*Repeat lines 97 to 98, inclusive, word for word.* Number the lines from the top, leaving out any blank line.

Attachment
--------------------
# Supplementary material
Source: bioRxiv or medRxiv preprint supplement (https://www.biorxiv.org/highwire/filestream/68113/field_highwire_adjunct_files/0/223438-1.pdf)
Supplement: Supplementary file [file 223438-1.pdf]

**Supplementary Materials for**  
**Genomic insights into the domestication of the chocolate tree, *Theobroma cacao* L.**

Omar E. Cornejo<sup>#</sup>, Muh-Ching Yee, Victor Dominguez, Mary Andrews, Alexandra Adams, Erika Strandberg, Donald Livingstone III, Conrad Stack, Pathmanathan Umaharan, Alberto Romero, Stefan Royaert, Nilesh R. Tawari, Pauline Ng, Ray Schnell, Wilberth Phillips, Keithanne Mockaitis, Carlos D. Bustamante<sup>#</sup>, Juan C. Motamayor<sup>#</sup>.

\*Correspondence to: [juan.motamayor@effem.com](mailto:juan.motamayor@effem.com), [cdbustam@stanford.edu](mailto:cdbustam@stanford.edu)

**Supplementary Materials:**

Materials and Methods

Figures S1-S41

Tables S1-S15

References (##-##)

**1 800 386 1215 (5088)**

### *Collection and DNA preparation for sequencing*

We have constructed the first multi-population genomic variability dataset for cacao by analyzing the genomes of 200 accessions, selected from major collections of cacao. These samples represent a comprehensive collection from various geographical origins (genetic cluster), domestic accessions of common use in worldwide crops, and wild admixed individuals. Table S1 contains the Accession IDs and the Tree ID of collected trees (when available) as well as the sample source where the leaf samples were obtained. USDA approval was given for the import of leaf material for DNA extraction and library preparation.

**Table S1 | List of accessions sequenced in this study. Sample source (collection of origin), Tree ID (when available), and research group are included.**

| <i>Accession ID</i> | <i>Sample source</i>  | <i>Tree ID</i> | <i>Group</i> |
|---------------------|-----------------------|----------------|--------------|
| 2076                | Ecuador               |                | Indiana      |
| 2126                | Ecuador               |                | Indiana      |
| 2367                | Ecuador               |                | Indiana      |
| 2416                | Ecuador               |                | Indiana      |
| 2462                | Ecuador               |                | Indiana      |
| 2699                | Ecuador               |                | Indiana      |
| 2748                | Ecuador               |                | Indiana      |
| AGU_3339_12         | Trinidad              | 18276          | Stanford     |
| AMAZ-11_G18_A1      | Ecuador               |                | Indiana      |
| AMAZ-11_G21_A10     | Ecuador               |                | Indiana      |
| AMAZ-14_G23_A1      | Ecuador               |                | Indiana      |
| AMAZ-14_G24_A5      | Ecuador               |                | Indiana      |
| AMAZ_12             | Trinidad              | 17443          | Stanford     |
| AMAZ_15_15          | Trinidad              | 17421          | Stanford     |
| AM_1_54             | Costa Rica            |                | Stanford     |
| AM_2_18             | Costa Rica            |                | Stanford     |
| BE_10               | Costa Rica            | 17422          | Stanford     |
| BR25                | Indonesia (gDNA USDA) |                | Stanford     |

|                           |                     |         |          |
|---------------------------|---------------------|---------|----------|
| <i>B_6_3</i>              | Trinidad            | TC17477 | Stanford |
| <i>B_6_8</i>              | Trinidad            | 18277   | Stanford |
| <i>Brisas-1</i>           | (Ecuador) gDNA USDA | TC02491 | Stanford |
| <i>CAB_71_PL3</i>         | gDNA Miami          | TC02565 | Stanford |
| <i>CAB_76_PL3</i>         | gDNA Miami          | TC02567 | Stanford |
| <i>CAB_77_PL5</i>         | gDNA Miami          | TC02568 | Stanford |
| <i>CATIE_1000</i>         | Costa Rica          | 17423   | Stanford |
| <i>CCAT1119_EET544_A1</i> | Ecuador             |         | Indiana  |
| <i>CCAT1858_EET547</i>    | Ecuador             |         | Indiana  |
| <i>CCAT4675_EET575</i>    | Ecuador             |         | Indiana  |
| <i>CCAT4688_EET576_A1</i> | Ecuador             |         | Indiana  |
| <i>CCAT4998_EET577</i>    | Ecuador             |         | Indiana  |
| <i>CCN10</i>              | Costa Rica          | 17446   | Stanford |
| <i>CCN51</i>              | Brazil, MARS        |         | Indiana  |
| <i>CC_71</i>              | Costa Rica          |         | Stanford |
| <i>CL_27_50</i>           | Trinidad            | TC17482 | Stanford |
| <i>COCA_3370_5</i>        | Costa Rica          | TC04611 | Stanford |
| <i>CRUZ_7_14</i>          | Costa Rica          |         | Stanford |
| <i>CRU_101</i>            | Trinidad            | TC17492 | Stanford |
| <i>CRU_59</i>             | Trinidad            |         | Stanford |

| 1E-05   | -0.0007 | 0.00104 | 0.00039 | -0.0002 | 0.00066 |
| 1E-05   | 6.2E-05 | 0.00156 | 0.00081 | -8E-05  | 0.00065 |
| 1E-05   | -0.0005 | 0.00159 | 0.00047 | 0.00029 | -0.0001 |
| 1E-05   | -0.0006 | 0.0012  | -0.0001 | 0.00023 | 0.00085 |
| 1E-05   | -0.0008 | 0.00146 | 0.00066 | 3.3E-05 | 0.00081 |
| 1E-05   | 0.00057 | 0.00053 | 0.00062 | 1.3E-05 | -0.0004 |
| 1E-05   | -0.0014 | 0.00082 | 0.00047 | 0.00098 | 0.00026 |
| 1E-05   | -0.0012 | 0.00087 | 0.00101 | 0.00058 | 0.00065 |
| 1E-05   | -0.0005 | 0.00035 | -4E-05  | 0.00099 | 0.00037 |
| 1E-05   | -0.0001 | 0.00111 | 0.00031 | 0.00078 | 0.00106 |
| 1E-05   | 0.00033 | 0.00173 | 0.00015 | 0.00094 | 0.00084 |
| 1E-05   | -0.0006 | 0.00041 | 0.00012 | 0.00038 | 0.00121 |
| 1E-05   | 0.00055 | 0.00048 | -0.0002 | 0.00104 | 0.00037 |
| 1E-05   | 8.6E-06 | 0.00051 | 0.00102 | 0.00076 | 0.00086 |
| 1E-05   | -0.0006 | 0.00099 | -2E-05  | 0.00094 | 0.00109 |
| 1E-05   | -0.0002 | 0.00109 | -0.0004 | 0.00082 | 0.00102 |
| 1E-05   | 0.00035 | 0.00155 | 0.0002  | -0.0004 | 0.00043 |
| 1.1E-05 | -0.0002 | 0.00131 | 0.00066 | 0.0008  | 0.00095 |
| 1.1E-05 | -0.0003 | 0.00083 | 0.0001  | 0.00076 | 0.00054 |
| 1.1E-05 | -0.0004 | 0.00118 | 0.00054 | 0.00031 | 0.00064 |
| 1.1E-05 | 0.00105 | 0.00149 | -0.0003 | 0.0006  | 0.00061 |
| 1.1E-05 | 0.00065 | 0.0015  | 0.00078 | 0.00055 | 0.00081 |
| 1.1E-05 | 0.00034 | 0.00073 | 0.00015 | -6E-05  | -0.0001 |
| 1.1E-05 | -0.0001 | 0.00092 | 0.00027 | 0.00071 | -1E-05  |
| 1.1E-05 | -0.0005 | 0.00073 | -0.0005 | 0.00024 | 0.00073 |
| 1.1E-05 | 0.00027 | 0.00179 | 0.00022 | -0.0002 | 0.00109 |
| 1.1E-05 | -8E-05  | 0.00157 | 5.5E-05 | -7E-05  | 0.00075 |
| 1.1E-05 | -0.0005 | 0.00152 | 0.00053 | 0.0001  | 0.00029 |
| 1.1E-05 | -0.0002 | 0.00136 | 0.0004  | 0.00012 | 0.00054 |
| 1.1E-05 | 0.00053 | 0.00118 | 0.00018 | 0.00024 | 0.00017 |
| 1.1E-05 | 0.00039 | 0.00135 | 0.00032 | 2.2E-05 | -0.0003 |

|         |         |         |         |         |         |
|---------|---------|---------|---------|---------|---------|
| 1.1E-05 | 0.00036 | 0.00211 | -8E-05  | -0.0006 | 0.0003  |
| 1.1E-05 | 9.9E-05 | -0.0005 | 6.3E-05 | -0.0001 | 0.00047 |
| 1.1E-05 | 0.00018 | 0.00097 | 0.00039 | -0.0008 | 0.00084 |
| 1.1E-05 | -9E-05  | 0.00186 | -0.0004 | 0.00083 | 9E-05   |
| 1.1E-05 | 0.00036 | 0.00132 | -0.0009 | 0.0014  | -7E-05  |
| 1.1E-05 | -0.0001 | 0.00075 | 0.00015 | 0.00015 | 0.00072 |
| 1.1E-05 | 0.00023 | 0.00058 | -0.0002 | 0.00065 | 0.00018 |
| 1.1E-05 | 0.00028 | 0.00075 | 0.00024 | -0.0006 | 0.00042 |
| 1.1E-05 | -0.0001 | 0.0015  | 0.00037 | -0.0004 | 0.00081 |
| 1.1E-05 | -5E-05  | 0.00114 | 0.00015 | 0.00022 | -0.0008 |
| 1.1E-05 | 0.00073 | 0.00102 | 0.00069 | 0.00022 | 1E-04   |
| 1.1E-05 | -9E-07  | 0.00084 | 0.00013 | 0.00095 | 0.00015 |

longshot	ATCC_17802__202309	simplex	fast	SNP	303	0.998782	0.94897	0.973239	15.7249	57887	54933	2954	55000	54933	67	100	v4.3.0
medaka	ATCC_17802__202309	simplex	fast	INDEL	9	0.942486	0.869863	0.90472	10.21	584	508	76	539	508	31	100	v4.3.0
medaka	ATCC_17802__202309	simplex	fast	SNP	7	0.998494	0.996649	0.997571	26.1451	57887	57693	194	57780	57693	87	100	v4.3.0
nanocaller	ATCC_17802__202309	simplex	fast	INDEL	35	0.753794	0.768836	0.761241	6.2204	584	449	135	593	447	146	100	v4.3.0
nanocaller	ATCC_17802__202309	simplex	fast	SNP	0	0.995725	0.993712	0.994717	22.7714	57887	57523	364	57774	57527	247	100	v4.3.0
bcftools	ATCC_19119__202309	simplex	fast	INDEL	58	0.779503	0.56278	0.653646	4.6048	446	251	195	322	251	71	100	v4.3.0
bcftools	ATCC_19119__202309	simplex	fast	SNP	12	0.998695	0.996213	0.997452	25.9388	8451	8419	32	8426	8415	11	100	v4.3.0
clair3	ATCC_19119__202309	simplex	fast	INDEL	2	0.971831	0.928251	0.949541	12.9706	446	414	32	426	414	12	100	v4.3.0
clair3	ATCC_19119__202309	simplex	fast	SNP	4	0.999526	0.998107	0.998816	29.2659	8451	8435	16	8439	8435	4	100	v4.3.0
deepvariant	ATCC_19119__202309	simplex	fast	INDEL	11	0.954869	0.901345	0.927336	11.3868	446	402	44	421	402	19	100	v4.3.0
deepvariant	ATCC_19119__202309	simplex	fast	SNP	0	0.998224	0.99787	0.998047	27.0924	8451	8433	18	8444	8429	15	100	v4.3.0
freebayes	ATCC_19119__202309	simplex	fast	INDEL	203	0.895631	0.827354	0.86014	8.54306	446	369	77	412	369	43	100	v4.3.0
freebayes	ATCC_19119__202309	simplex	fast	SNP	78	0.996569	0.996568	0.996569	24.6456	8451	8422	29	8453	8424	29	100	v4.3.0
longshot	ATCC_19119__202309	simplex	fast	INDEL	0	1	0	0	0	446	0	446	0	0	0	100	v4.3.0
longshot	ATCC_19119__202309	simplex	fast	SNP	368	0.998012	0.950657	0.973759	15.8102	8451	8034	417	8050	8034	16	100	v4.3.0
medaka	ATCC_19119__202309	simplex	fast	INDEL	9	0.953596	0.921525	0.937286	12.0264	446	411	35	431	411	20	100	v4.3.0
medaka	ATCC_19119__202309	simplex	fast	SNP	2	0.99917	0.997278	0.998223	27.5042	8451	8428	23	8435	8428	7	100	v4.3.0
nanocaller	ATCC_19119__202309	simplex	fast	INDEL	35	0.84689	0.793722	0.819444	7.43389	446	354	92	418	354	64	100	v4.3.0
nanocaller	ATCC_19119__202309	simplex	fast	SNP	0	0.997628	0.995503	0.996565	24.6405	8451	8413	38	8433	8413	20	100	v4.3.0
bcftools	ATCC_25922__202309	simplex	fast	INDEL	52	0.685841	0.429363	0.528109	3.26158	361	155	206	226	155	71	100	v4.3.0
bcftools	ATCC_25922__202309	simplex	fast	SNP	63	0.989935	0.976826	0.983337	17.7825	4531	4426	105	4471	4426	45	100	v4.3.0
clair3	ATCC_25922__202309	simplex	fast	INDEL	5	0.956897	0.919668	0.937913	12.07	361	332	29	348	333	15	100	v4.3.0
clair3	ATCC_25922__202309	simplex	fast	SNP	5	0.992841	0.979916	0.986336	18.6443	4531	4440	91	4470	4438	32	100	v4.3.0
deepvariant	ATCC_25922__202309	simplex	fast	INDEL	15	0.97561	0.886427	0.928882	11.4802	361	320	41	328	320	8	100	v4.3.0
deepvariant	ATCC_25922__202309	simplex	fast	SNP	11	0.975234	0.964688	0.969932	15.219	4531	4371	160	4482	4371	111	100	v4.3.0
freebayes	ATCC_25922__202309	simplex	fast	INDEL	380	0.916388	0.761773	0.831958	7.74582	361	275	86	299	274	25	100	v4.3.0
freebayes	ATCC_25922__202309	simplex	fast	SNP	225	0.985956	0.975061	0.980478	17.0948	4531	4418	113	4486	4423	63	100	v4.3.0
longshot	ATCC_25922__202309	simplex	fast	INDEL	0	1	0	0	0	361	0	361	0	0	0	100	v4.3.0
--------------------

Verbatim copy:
| 1.1E-05 | -0.0001 | 0.00075 | 0.00015 | 0.00015 | 0.00072 |
| 1.1E-05 | 0.00023 | 0.00058 | -0.0002 | 0.00065 | 0.00018 |